The All-Diaspora Council of the Russian Orthodox Church Abroad, which comprises both clergy and laypeople, overwhelmingly voted to reunite with the Moscow Patriarchate at a synod held today in San Francisco.
"One can't say who made the first or the second step here. What is important is that all of us, with one mind and soul, are following the path that the Lord foresaw for us," Archbishop Mark of the Berlin, Germany, and Great Britain Diocese of the Russian Orthodox Church Abroad told journalists after the synod.
The New York-based Russian Orthodox Church Abroad was founded by Russian emigres who fled after the 1917 Bolshevik Revolution. In 1920, it severed ties with the Moscow Patriarchate, accusing it of cooperating with the atheist communist government.
The recommendation adopted today says it aims to "heal the wounds dividing the Russian Church." The branch's 12 bishops are due to make a final decision next week.
The Moscow Patriarchate today hailed the resolution. "The decision of the All-Diaspora Council is an event of great significance," said Father Nikolai, the secretary for inter-Orthodox relations at the Moscow Patriarchate. "It is an important step toward restoring full unity between the Moscow Patriarchate and the part of the Russian emigration that was isolated from it as a result of the revolution, the civil war in Russia, and the ensuing impious persecution against the Orthodox Church."
Father Nikolai is also the head of the patriarchate's commission for dialogue with the Russian Orthodox Church Abroad, a working group set up in 2003 to attempt to bridge the rift between the two churches.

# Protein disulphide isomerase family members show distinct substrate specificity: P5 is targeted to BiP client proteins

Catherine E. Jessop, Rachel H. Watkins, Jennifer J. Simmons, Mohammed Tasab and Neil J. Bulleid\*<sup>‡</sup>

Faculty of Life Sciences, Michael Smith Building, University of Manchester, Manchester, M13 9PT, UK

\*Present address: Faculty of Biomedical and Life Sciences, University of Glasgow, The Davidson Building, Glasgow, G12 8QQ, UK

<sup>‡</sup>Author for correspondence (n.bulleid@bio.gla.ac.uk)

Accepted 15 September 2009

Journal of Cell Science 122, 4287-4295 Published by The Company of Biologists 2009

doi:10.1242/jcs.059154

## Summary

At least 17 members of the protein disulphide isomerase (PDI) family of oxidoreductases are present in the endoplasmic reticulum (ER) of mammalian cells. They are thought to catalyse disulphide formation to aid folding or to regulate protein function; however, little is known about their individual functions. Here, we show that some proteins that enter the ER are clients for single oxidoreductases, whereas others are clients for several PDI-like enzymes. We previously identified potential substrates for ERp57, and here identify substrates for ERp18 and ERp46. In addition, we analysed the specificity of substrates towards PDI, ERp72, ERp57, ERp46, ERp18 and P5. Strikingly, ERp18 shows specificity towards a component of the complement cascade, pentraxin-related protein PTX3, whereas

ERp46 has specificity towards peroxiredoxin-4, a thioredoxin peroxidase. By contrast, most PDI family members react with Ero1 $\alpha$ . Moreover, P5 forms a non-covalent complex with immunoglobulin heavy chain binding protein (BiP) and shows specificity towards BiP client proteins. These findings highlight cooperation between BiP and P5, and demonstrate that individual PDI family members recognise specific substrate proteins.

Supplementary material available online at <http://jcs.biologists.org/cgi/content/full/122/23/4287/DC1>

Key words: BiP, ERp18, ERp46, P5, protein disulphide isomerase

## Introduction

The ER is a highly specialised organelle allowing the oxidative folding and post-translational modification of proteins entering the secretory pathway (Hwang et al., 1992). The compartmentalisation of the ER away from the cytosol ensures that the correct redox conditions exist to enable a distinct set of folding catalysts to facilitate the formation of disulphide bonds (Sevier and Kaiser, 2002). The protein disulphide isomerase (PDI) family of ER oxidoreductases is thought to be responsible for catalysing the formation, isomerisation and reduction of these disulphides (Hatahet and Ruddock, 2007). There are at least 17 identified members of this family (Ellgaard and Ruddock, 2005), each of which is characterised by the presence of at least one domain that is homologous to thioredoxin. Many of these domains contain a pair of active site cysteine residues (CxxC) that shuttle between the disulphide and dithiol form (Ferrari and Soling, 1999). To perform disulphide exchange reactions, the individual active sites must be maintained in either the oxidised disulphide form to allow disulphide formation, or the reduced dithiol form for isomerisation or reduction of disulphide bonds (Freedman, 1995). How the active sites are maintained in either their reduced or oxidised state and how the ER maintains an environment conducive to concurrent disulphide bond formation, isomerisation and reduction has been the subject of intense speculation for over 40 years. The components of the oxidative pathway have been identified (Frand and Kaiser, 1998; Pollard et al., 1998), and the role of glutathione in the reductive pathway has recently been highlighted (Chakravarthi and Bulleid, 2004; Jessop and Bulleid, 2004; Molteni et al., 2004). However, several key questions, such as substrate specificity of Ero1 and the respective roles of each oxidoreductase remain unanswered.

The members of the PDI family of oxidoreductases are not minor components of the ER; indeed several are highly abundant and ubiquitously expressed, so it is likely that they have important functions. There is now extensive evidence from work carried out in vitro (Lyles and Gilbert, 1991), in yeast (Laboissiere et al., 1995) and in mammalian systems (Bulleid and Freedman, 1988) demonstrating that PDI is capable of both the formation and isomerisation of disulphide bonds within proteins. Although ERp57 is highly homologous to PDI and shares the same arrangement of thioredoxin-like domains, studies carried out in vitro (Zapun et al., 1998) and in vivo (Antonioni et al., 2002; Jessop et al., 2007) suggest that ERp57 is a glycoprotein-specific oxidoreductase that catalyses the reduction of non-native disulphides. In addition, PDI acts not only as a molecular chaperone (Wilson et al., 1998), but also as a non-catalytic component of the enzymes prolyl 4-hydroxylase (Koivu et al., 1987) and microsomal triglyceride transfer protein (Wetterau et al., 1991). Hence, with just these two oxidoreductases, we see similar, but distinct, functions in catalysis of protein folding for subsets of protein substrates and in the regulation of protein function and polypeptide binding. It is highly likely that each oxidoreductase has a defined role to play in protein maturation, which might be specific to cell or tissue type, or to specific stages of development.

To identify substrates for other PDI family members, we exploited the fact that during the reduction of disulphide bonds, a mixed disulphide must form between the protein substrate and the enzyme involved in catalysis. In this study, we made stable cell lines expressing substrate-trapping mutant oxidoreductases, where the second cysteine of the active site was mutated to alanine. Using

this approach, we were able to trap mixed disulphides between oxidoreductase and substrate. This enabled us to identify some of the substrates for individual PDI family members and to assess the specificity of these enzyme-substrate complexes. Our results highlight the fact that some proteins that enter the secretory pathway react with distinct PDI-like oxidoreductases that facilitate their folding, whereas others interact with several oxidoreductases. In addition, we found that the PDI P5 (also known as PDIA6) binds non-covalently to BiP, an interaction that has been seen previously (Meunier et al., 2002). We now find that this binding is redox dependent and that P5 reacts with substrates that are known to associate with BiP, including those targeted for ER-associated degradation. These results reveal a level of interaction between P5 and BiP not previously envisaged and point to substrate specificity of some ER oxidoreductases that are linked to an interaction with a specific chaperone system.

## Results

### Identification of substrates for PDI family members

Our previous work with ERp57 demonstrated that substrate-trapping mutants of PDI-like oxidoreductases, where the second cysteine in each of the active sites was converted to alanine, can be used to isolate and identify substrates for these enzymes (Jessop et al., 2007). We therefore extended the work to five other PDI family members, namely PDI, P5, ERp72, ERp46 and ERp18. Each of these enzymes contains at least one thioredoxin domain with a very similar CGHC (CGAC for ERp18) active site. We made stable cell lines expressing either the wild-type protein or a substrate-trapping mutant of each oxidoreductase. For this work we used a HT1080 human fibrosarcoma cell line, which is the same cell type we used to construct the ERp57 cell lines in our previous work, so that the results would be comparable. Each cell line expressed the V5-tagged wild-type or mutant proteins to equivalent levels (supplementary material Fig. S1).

The Moscow Patriarchate has actively sought a rapprochement since the 1991 Soviet collapse. Aleksy II recanted a declaration of loyalty to the Soviet government issued by Patriarch Sergy in 1927 and canonized Nicholas II, the last tsar killed by the Bolsheviks -- a decision the emigre church had long called for.
But despite these concessions, the Russian Orthodox Church Abroad so far had been reluctant to give up its independence. Many officials of the emigre church remain suspicious of Aleksy II.
The Russian Orthodox Church Abroad's efforts to set up missions in Russia and Ukraine created further hurdles to reunification.
Father Nikolai, however, believes both churches are now ready for spiritual reconciliation. "The ground for this had long been prepared," he said. "According to our own perception of the Russian Orthodox Church Abroad, according to the behest of its founders -- Russian hierarchs who were forced to leave the motherland -- this event had to happen as soon as the church became free in our country. But a few years were needed for us to understand each other better, to overcome the stereotypes that formed during long decades of mutual polemic."
Father Nikolai is convinced the bishops will approve the recommendation next week. But even in this case, the Russian Orthodox Church Abroad will retain control over its more than 350 communities worldwide.